The following simple example will be used to describe the computation steps. Matrix cells in orange represent the independent variables.

Input data set, 6 rows and 3 columns. x1 and x2 are the independent variables and y is the dependent variable.

 x1 x2 y 1 2 5 2 7 14 3 6 15 4 15 20 5 10 25 6 12 30

The 6x3 normal equations Matrix X, including the constant 1 as the first variable b0, would be as follows:

 b0 b1x1 b2x2 Y 1 1 2 5 1 2 7 14 1 3 6 15 1 4 15 20 1 5 10 25 1 6 12 30

The transpose of X, X', would be as follows:

 1 2 3 4 5 6 bO 1 1 1 1 1 1 b1x1 1 2 3 4 5 6 b2x2 2 7 6 15 10 12

The result of the matrix multiplication of X' (3x6) by X (6x3) would be the following 3x3 matrix

 b0 b1x1 b2x2 b0 6 21 52 b1x1 21 91 216 b2x2 52 216 558

The resulting of inverting the matrix X'X would be as follows

 b0 b1x1 b2x2 b0 0.95108445 -0.11213659 -0.04522381 b1x1 -0.11213659 0.14859252 -0.04706968 b2x2 -0.04522381 -0.04706968 0.02422704

The result of the matrix multiplication of X' (3x6) by Y (6x1) would be the following 3x1 matrix

 y b0 109 b1x1 463 b2x2 1108

Finally the result of the matrix multiplication of (X'X)-1 (3x3) by X'Y (3x1) would be the following 3x1 matrix

 Values bo 1.6409783 b1 4.4222427 b2 0.1209045

Substituting the coefficients back into the original equation yields the following regression equation:

y' = 1.6409783 + 4.4222427x1 + 0.1209045x2

The sequence of executing these operations can be encapsulated in an R language function. Before I go through the details on the R language function we first need to explain how X'X and X'Y are represented in the extended SSCP matrix. For the example data set above the resulting extended SSCP matrix is as follows:

 rownum rowname c s x1 x2 y 1 X1 6 21 91 216 463 2 X2 6 52 216 558 1108 3 Y 6 109 463 1108 2371

The c column represents the count of the number of observations (rows). The s column represents the summation of the variable in that row, x1, x2 or y.

X'X can be built by appending a matrix row {c, s[1], s[2]} (6,21,52) to the extended SSCP matrix orange fields.

X'Y can be built by appending a matrix column {s[2]} (109) to the extended SSCP matrix fields, this results in the following matrix's which represent X'X and X'Y

 s x1 x2 Y 6 21 52 109 21 91 216 463 52 216 558 1108

## R Integration

The following R language function "td_lm_cm" encapsulates all of the processing details. The inputs to the function are "indata", a string representing a Teradata table or view of the independent and dependent variables and "Y", a string representing the dependent variable column name. The outputs of the function are the b coefficients matrix. The R function "td_lm_cm" first executes a map/reduce style query invoking CalcMatrix to produce the extended SSCP matrix. The result of CalcMatrix is stored in a R data frame named rdf. The remaining code performs the following logic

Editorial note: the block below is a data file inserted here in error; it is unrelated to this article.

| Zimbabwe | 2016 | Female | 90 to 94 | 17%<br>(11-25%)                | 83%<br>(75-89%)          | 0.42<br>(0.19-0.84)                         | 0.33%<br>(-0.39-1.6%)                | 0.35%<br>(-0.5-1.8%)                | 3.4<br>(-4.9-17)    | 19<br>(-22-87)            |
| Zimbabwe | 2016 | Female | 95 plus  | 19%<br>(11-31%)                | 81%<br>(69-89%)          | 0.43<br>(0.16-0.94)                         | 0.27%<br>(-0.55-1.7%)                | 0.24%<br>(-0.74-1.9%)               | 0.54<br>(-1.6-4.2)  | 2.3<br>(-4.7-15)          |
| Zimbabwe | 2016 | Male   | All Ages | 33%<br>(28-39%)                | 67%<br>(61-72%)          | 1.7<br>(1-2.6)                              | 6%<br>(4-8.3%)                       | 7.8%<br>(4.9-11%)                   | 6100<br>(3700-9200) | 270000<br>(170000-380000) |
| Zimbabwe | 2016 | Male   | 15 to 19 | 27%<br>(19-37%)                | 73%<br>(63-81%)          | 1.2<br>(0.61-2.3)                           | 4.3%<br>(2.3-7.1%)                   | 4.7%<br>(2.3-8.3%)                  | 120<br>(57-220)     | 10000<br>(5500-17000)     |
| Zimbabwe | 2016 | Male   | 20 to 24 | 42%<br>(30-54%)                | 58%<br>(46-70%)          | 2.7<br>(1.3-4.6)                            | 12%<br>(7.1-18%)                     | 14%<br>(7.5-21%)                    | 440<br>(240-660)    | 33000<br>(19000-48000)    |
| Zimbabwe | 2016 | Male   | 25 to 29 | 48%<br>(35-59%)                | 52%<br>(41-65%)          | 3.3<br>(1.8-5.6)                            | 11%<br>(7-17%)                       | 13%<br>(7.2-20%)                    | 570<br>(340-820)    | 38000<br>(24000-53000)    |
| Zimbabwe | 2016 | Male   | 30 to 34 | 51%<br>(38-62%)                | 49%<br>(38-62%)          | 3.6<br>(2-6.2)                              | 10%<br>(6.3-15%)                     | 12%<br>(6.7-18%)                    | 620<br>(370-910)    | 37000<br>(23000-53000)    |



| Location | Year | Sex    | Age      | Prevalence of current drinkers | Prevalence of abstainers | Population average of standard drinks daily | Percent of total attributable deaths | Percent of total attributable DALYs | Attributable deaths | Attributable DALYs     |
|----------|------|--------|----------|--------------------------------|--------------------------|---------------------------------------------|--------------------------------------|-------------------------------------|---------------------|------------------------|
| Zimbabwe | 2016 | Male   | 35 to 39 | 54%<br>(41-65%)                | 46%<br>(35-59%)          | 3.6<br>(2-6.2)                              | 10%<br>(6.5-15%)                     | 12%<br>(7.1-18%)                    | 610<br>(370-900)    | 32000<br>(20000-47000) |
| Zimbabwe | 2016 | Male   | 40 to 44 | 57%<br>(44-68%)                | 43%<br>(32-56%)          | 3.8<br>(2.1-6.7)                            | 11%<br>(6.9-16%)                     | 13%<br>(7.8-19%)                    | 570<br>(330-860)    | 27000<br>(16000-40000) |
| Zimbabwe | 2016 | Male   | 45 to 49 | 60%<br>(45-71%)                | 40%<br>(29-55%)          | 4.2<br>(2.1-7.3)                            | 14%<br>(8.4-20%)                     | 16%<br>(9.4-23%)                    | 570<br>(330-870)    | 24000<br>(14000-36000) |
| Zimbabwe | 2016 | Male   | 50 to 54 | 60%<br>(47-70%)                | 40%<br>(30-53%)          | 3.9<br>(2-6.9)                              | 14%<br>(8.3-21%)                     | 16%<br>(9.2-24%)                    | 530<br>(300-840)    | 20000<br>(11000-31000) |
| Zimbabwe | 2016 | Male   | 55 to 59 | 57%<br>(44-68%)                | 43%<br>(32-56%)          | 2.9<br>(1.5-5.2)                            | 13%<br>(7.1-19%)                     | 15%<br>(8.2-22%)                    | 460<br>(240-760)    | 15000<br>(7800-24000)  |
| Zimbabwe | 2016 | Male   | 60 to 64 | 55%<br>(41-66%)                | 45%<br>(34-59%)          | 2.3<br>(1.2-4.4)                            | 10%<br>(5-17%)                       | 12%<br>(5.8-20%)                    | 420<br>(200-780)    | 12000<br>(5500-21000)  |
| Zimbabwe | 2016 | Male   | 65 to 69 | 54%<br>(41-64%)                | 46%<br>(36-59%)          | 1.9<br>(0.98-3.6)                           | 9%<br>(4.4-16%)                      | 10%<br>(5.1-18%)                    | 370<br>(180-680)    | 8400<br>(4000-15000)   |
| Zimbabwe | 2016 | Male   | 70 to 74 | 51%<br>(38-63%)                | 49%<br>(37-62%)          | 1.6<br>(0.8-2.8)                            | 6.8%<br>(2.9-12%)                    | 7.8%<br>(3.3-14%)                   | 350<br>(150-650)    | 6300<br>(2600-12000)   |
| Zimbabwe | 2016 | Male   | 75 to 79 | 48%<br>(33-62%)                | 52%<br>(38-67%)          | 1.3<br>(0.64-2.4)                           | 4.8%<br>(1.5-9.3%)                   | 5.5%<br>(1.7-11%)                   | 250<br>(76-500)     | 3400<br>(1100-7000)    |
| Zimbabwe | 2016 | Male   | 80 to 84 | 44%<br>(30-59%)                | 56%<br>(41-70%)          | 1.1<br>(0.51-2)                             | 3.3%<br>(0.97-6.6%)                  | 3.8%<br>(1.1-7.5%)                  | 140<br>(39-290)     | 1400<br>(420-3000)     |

1. Extracts the normal equation matrix X'X from the extended SSCP matrix
1. Inverts X'X, using the solve function, to create the matrix iXX
1. Extracts the normal equation matrix X'Y from the extended SSCP matrix
1. Matrix multiples iXX %*% XY to create the coefficient matrix B.
1. Finally adds the dimension names to B and returns B to the caller.
td_lm_cm <- function (indata,  Y)
{
# formulate the query to invoke CalcMatrix in a Map/Reduce model
query <- gettextf( "
SELECT  * FROM CALCMATRIX
(
ON (SELECT SESSION AS ampkey, D1.* FROM CALCMATRIX (
ON (SELECT  *  FROM %s)
USING PHASE('LOCAL')
) AS D1
)
HASH BY ampkey
USING PHASE('COMBINE') CALCTYPE('ESSCP')
)    AS  D2
", indata)

# execute query and create an R data frame of the extended SSCP matrix
tdf <- try(tdQuery(query))
rdf=data.frame(tdf)

#some basic error checking
if (length(names(tdf)) == 0 || nrow(rdf) == 0)
stop("Input table does not exist or contain any rows")
if ( !Y %in% colnames(rdf))
stop("Input table does not contain specified dependent variable column ",Y)

# determine the position of the independent variable columns
xcols <- which(!names(rdf) %in% c('rownum','rowname','c',Y))
#extract partial X'X
pXX <- rdf[ rdf[['rowname']] != Y , c(xcols)]
#extract observation count
obscount <- rdf[ rdf[['rowname']] == Y , c('c')]
#extract X variable summations
Xsum <- rdf[ rdf[['rowname']] != Y , c('s')]
# Build first row of matrix X'X
XX <-data.matrix(obscount)
XX <- cbind(XX, t(data.matrix(Xsum)))
# append partial X'X
XX <- rbind(XX, data.matrix(pXX))
# invert X'X
iXX <-solve(XX)

# extract Y variable summations
Ysum <- rdf[ rdf[['rowname']] == Y , c('s')]
# extract partial X'Y
XY <- rdf[ rdf[['rowname']] != Y , Y]
#build X'Y of matrix
XY <- rbind(data.matrix(Ysum), data.matrix(XY))
# multiply inverted X'X * X'Y to obtain coefficients
B <-  iXX %*% XY

# add dimension names to matrix B
rn <- rdf[ rdf[['rowname']] != Y , c('rowname')]
CL <- c(list("Intercept") , levels(factor(rn)))
dimnames(B) = list(CL, c("Values"))
return(B)
}

## CalcMatrix

CalcMatrix is a table operator and therefore follows the table operator invocation syntax. Specifically for this use case it is invoked as nested queries to implement the Map/Reduce model.  The general example syntax is

SELECT  * FROM CALCMATRIX
(
ON (SELECT SESSION AS ampkey, D1.* FROM CALCMATRIX (
ON (SELECT  *  FROM indata)
USING PHASE('LOCAL')
) AS D1
)
HASH BY ampkey
USING PHASE('COMBINE') CALCTYPE('ESSCP') OUTPUT('COLUMNS')
)    AS  D2

The inner table operator execution which generates derived table D1 is the Map phase of the calculation. It has the following inputs:

• ON -> Any valid Teradata query which produces a set of numeric columns which represent the N independent variables and the one dependent variable